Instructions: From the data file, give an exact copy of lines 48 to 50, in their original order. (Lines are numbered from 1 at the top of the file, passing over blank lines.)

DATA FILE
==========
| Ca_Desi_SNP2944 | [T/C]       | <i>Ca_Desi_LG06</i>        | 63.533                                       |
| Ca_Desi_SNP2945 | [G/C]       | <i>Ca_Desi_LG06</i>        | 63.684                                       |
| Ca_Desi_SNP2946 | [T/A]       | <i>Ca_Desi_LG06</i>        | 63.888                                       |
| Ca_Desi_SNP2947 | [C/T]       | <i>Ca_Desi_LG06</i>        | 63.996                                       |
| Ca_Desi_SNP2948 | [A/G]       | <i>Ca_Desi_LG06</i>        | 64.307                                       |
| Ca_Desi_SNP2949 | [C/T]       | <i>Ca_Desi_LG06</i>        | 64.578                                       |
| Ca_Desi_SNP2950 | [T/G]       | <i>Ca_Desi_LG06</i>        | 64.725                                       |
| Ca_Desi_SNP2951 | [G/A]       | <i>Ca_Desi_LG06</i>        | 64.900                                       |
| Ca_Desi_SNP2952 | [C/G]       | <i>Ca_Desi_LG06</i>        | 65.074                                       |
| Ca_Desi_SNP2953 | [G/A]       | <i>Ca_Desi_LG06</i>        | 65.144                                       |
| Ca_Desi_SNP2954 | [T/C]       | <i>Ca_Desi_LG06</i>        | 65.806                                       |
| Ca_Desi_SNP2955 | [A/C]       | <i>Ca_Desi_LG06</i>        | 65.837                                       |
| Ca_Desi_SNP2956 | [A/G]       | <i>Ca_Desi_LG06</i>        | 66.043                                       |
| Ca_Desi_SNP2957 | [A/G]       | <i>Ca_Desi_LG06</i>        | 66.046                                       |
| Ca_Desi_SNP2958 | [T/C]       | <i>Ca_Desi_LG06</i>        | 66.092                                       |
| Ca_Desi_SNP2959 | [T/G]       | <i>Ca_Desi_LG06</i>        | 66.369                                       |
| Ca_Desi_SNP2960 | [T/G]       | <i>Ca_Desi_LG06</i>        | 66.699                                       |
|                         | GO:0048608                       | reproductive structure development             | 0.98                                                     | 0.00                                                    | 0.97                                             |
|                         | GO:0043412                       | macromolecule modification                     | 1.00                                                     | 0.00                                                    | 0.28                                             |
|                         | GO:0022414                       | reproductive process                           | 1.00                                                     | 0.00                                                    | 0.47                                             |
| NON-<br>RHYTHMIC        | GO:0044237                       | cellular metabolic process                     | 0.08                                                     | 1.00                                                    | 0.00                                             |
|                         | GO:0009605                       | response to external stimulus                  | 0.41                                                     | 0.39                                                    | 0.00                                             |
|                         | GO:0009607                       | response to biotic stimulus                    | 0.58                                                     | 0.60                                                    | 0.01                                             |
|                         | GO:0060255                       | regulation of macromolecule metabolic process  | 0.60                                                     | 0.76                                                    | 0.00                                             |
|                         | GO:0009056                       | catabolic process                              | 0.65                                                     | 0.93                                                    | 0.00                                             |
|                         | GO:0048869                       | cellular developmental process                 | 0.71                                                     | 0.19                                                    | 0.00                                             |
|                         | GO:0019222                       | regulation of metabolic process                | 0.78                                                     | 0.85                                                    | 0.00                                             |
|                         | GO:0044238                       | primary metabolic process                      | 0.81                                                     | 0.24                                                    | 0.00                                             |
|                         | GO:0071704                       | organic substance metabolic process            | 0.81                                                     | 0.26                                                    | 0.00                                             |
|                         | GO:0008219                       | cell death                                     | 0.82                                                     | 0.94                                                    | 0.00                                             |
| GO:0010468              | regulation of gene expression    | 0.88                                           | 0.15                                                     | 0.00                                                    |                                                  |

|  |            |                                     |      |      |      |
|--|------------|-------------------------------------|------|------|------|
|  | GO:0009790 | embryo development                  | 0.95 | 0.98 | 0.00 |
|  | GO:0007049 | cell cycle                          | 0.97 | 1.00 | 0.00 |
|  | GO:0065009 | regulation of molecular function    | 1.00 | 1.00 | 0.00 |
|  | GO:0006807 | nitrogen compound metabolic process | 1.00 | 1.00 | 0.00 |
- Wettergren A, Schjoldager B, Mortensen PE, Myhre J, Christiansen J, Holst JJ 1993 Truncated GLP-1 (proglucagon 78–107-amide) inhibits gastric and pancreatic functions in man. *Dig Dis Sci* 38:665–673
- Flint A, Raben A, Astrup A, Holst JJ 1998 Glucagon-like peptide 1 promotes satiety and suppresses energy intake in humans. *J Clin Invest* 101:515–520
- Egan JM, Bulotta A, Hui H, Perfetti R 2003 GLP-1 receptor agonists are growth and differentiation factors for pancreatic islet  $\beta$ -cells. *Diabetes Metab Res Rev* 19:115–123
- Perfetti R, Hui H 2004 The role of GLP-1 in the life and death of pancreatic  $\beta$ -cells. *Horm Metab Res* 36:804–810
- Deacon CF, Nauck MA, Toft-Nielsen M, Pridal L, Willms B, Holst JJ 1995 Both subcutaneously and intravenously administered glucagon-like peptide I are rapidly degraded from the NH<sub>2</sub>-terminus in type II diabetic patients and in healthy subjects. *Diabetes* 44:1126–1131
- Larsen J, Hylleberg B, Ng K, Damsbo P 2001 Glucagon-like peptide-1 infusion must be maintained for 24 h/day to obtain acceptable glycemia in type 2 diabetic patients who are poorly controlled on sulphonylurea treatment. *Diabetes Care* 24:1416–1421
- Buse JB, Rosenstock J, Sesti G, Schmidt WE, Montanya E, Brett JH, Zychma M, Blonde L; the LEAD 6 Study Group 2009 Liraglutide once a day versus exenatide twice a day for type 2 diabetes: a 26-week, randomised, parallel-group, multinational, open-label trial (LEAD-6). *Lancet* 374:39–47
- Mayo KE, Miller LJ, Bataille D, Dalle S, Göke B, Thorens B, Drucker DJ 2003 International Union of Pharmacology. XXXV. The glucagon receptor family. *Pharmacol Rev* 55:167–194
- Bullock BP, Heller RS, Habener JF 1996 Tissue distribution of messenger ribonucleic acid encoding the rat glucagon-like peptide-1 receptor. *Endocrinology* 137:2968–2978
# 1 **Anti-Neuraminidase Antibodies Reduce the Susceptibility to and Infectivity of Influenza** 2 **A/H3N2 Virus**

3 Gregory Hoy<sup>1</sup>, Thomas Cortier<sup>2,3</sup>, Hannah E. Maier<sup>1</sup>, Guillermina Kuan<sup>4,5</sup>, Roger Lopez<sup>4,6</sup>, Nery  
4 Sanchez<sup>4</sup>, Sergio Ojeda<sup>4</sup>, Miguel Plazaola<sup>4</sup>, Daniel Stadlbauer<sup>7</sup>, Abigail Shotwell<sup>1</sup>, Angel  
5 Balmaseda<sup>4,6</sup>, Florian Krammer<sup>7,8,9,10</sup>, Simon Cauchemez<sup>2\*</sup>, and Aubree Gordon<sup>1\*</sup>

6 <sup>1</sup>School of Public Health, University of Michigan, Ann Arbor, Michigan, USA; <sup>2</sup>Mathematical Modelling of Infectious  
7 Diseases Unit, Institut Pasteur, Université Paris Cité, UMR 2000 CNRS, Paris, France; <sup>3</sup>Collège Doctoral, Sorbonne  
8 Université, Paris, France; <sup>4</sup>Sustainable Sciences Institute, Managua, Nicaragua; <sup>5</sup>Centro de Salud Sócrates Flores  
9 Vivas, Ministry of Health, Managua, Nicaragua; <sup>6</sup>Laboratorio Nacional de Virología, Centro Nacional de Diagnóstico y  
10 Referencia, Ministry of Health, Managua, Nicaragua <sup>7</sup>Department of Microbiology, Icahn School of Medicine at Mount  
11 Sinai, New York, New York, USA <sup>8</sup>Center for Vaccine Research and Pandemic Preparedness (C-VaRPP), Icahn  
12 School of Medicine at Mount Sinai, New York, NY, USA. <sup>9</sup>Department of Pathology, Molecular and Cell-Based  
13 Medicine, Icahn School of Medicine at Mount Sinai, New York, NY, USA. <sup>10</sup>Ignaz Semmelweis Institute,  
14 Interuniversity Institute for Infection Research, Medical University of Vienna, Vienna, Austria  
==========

3 Gregory Hoy<sup>1</sup>, Thomas Cortier<sup>2,3</sup>, Hannah E. Maier<sup>1</sup>, Guillermina Kuan<sup>4,5</sup>, Roger Lopez<sup>4,6</sup>, Nery  
4 Sanchez<sup>4</sup>, Sergio Ojeda<sup>4</sup>, Miguel Plazaola<sup>4</sup>, Daniel Stadlbauer<sup>7</sup>, Abigail Shotwell<sup>1</sup>, Angel  
5 Balmaseda<sup>4,6</sup>, Florian Krammer<sup>7,8,9,10</sup>, Simon Cauchemez<sup>2\*</sup>, and Aubree Gordon<sup>1\*</sup>